Vernacular style writing: Strategic blurring of the boundary between spoken and written discourse in Japanese

Satoko Suzuki

This paper shows that some Japanese non-fiction writers are using various structural characteristics of spoken discourse in their writing. Their written discourse includes non-canonical word order and long sentences that are produced by combining a series of clauses. Their sentences may lack case or topic marking particles, but they may contain clause-final particles. Their discourse looks like it may have gone through a dynamic, on-going formation process because it includes reformulation and changes in the structure in midstream. It is proposed that writers who adopt such an approach are deliberately blurring the boundary between speech and writing for multiple reasons. They may be exhibiting their creativity and innovation as well as their anti-establishment ideology. Vernacular style writing may also be an attempt to engage, involve, and connect with their readers. Further, they may be reflecting as well as expressing contemporary society in which orality is viewed favorably and as a result, writing in general has become increasingly more casual than before. The phenomenon discussed in this paper may be viewed as a reflection of erosions and shifting of traditional genres.

Quick links
A browser-friendly version of this article is not yet available. View PDF
Banfield, Ann
(1982) Unspeakable sentences: Narration and representation in the language of fiction. Boston, London, Melbourne and Henley: Routledge and Kegan Paul.Google Scholar
Briggs, Charles, and Richard Bauman
(1992) Genre, intertextuality, and social power. Journal of Linguistic Anthropology 2.2: 131-172. DOI logoGoogle Scholar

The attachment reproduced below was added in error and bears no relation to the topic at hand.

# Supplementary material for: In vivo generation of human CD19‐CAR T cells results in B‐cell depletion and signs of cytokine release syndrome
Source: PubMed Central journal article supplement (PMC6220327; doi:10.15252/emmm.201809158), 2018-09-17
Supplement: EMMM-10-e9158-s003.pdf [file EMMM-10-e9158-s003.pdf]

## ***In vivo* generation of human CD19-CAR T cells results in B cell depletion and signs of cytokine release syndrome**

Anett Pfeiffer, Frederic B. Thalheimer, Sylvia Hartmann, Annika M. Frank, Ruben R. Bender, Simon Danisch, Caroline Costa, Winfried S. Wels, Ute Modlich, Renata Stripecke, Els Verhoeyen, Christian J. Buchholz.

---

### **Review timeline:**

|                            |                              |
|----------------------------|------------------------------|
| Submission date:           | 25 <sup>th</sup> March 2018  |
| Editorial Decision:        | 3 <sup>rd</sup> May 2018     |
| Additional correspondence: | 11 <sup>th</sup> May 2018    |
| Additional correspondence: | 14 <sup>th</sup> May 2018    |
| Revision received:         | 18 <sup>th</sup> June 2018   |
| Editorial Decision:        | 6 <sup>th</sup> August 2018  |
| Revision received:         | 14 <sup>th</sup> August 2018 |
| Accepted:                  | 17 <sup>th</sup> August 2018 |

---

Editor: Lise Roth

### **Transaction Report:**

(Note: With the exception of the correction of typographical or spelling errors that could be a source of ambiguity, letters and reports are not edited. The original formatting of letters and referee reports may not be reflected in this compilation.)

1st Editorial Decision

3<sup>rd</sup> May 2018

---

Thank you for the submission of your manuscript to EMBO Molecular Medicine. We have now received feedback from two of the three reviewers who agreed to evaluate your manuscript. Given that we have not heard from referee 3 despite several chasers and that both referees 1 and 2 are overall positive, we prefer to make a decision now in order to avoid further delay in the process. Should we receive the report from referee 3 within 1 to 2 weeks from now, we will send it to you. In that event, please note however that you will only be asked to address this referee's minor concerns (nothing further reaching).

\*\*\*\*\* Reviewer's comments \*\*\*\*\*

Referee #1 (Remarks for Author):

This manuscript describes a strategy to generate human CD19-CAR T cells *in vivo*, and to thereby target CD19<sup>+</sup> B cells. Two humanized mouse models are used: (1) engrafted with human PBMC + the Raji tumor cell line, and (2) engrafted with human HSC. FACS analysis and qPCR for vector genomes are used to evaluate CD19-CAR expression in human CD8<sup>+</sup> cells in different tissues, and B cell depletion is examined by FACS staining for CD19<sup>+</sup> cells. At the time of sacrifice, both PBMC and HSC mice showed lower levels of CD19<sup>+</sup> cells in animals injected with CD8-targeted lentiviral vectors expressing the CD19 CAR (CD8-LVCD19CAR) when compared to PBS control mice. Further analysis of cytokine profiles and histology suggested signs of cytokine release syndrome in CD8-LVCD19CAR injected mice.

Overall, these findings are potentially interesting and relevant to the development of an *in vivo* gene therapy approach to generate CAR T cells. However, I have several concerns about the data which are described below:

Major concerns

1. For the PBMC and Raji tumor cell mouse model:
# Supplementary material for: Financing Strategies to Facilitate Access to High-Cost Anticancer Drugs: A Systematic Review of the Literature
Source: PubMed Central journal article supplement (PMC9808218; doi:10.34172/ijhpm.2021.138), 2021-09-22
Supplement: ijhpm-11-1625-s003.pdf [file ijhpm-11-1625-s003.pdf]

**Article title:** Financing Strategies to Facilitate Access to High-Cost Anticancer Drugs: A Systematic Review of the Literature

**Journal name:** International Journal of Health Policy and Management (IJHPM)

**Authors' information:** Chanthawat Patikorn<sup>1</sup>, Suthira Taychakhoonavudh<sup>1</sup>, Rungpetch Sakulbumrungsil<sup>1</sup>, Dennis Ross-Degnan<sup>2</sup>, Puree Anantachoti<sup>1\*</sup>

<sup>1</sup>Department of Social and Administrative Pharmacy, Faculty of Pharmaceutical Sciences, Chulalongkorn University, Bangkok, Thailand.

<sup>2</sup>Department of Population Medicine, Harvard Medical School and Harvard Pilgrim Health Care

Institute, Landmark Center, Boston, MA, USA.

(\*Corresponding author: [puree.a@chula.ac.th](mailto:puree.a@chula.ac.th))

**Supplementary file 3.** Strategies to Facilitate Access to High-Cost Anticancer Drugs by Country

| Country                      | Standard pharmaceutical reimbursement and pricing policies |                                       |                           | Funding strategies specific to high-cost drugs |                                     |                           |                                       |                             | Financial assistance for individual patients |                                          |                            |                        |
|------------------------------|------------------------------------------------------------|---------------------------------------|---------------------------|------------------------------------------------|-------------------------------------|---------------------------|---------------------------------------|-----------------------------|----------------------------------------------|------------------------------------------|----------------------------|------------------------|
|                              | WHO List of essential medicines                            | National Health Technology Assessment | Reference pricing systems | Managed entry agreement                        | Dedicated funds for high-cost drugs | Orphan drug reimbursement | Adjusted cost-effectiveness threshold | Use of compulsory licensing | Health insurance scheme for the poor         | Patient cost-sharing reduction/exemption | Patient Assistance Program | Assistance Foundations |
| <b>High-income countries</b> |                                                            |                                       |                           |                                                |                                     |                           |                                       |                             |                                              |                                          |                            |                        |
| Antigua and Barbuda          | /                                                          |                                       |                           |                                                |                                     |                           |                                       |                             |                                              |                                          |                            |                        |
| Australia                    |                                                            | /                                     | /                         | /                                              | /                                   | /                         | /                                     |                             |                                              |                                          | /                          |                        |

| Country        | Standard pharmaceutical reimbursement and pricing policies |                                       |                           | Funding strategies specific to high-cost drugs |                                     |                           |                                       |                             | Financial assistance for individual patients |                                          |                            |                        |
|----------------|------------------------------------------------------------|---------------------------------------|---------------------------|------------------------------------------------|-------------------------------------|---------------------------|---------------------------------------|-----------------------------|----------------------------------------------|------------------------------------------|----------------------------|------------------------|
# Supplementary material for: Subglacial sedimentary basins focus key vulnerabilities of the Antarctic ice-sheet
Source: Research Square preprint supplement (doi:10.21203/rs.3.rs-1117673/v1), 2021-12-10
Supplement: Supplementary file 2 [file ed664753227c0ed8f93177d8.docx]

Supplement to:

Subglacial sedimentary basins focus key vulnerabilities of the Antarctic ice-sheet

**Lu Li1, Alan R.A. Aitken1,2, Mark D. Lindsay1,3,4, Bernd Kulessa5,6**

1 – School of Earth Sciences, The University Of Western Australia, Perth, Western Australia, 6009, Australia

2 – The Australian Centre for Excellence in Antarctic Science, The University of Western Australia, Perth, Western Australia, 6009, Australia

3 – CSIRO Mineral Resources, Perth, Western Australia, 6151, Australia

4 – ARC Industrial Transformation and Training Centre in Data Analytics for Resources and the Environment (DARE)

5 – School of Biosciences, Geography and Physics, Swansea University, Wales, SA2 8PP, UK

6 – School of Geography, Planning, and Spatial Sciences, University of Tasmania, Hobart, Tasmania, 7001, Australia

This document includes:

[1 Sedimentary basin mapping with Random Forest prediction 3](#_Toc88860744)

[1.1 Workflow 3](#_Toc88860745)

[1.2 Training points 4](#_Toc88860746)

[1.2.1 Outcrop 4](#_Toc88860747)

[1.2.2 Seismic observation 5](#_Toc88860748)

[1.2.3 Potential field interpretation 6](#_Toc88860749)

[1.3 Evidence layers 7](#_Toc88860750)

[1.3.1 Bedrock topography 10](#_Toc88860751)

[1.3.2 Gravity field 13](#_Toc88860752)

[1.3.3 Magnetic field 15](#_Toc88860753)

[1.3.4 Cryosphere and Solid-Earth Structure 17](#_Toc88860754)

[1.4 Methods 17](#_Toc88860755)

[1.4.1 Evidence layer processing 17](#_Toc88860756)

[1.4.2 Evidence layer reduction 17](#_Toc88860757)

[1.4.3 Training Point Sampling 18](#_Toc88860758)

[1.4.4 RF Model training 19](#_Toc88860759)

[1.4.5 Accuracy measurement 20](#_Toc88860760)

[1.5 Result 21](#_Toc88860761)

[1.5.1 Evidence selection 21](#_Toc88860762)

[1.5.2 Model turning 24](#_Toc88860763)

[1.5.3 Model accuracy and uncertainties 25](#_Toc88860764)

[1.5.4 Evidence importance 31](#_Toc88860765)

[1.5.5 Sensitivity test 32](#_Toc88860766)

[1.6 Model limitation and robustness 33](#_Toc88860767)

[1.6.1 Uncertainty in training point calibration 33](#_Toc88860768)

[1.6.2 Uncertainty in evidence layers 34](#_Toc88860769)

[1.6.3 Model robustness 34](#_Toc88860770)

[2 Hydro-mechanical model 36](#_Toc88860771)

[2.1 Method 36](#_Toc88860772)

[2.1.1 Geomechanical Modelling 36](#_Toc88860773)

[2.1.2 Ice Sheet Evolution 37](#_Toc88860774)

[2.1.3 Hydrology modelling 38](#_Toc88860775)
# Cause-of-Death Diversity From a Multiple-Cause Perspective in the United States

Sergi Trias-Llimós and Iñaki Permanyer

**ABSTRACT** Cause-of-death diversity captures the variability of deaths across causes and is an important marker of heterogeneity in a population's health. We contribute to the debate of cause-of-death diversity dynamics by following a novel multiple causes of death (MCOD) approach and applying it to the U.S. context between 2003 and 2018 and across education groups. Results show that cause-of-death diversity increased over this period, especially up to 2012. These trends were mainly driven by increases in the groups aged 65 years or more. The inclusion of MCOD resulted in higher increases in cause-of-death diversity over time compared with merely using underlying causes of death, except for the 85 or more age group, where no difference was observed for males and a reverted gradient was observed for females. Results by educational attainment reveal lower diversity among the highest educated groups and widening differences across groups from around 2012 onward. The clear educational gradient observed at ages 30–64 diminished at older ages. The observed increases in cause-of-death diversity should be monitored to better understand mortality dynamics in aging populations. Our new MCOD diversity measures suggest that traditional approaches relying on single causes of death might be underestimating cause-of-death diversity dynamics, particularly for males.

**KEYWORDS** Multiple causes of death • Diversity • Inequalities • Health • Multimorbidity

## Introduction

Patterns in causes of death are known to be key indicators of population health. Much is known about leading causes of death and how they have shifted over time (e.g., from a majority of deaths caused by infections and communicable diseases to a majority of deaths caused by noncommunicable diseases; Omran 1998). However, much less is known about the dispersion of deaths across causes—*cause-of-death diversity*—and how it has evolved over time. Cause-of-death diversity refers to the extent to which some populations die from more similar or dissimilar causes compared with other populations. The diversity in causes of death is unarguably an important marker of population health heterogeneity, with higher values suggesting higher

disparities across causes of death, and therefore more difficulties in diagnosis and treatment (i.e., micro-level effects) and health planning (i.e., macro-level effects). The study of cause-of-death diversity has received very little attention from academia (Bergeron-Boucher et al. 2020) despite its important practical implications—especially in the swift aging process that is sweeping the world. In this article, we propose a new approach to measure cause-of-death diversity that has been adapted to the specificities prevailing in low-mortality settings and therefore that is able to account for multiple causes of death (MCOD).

Chafe, Wallace L
(1982) Integration and involvement in speaking, writing, and oral literature. In Deborah Tannen (ed.), Spoken and written language: Exploring orality and Literacy. Norwood, NJ.: Ablex, pp. 35-53.Google Scholar
Clancy, Patricia M
(1982) Written and spoken style in Japanese narratives. In Deborah Tannen (ed.), Spoken and written language: Exploring orality and literacy. Norwood, NJ.: Ablex, pp. 55-76.Google Scholar
Frank, Jane
(1989) On conversational involvement by mail: The use of questions in direct sales letters. Text 9.2: 231-259. DOI logoGoogle Scholar
Hudson, Mutsuko Endo
(2007) Presence and absence of case markers in Japanese informal interviews. A paper presented at the 10th International Pragmatics Conference, Göteborg, Sweden, July 8-13, 2007.
Inoue, Miyako
(2006) Vicarious language: Gender and linguistic modernity in Japan. Berkeley, Los Angeles and London: University of California Press. DOI logoGoogle Scholar
Iwasaki, Shoichi, and Tsuyoshi Ono
(2001) “Sentence” in spontaneous spoken Japanese discourse. In Joan Bybee, and Michael Noonan (eds.), Complex sentences in grammar and discourse: Essays in honor of Sandra A. Thompson. Amsterdam and Philadelphia: John Benjamins Publishing Company, pp. 175-202. DOI logoGoogle Scholar
Katsuno, Hirofumi, and Christine R. Yano
(2002) Face to face: On-line subjectivity in contemporary Japan. Asian Studies Review 26.2: 205-226. DOI logoGoogle Scholar
Kuno, Susumu
(1973) The Structure of the Japanese language. Cambridge, MA.: The MIT Press.Google Scholar
(1978) Japanese: A characteristic OV language. In W.P. Lehmann (ed.), Syntactic typology: Studies in the phenomenology of language. Austin: University of Texas Press, pp. 57-138.Google Scholar